McKinstry stood watching the tent into which Brant had disappeared, until he was roughly jerked along by his captors. From then on everything was a nightmare. He was struck with sticks, cut with knives, had burning torches thrust against his flesh. It was almost dawn when he was roughly thrown against a stake and bound. A fire was started at his feet. His mind was growing blank, he knew he was near unconsciousness. The flames licked at his legs and he knew it was only minutes now. Without consciously thinking about what he did—he was past that now—he gave a Masonic sign of distress. He heard a cry, then voices. He was aware the fire was being stamped out and then he blacked out. Sometime the next day he awoke, still in the Indian camp. Near him stood the fearsome Captain Brant. When he spoke his English was correct and with no trace of the pidgin used by most Indians. “I had you cut down because you gave the Masonic sign of distress and I am a Mason. I had to do it. I will give you safe conduct back to your own lines.” McKinstry tried to thank him but he stalked away. Later a messenger from Brant came and, as the chief had promised, took McKinstry through the Indian lines back to his own territory. After the Revolution was over Brant and McKinstry met again. The Mohawk had taken his people to Canada but was unhappy there and frequently made the trip back to the lands of his people. McKinstry heard he was going to be in Albany and made the trip up to see him. This time the Indian was more communicative and the two became friends. Thereafter, whenever Brant was in Albany, he always journeyed the extra mile to see McKinstry and sometimes he, with McKinstry, attended meetings of Hudson Lodge 7 F & A M, where he was greatly admired as a selfless leader of his people and an exceptional Mason.

McKinstry lived many years after his narrow escape following the Battle of the Cedars and eventually became a Colonel. Today he rests in a crumbling mausoleum in the Livingston Reformed Church Cemetery. The symbols of the organization which saved him, Freemasonry, still stand out on the inscription stone, though most of his epitaph is fast fading away.

The Brother referenced in this article is Capt. John McKinstry, a Revolutionary War veteran and a member of Hudson Lodge 7, Hudson, NY. At the end of the War Capt. McKinstry established a residence in Hudson, Columbia County. At his death he was interred in a mausoleum in Livingston. The site bore no recognition identifying him as a Revolutionary War veteran. Through
disregard for maintenance, time has taken a toll on the mausoleum. The front brick facade separating from the main structure allows water to enter, and with freezing temperatures it has caused severe damage to the brick work. Recognizing the problem, Hudson Widow’s Son Lodge 7 (recently merged) stepped up to the plate to try to restore and preserve the mausoleum containing the remains of their Brother and Revolutionary War veteran. Unfortunately, the estimated costs for restoration far exceed funds available at the Lodge level. For the reasons outlined, the Lodge is publicizing its mission, for assistance in this restoration project.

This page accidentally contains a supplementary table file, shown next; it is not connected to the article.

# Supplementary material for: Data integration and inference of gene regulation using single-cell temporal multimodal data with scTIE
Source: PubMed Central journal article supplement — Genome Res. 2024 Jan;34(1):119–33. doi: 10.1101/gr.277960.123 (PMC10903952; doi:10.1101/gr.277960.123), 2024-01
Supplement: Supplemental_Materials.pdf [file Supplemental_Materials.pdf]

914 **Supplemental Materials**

Upon completion there will be a program with a Grave-Marking Ceremony by the Empire State Society Sons of the American Revolution, a Veterans Administration Plaque Dedication and a Military Gun Salute with accolades from American Legion Post 184, Hudson. More information may be obtained by contacting RW Henry W. Croteau, Jr. at 518 / 755-2615.

JOHNATHON MAYNARD; as chronicled in the Gleason Genealogy 1607-1909: indicates that the Chief ’s last name was Brant, a Freemason. His story further colors the Chief… Jonathan Maynard, second son of Jonathan and Martha (Gleason) Maynard was a graduate of Harvard University and Sgt. in Capt. Drury’s Company at the Battle of Bunker Hill. He was subsequently Lieut. in the same
Company. In 1778 he was Lieut. in one of Col. Ichabod Allen’s Companies and on May 30th of that year, while stationed near West Point, he with a small party went on a foraging excursion. When at a considerable distance from the camp they were attacked and captured by Indians. They were taken some distance further from the American lines and all the party tomahawked excepting Lieut.
Maynard. Recognizing the uniform as that of an officer, the Indians took him to their chieftain, whose name was Brant. It was decided to burn the captive, and all preparations were accordingly made, when as a last resort, Lieut. Maynard gave the Freemason’s sign of distress, though ignorant of the fact that any of those present were members of that organization. It so happened that the chief was a Freemason, and recognizing the sign, ordered the execution postponed. Lieut. Maynard was later taken, with other prisoners, to Quebec, where he was held until December 1780, when he was exchanged. The next month, January 1781, he rejoined his company
at West Point, and in the same month was promoted to the Captaincy and continued in the service until November 19, 1782.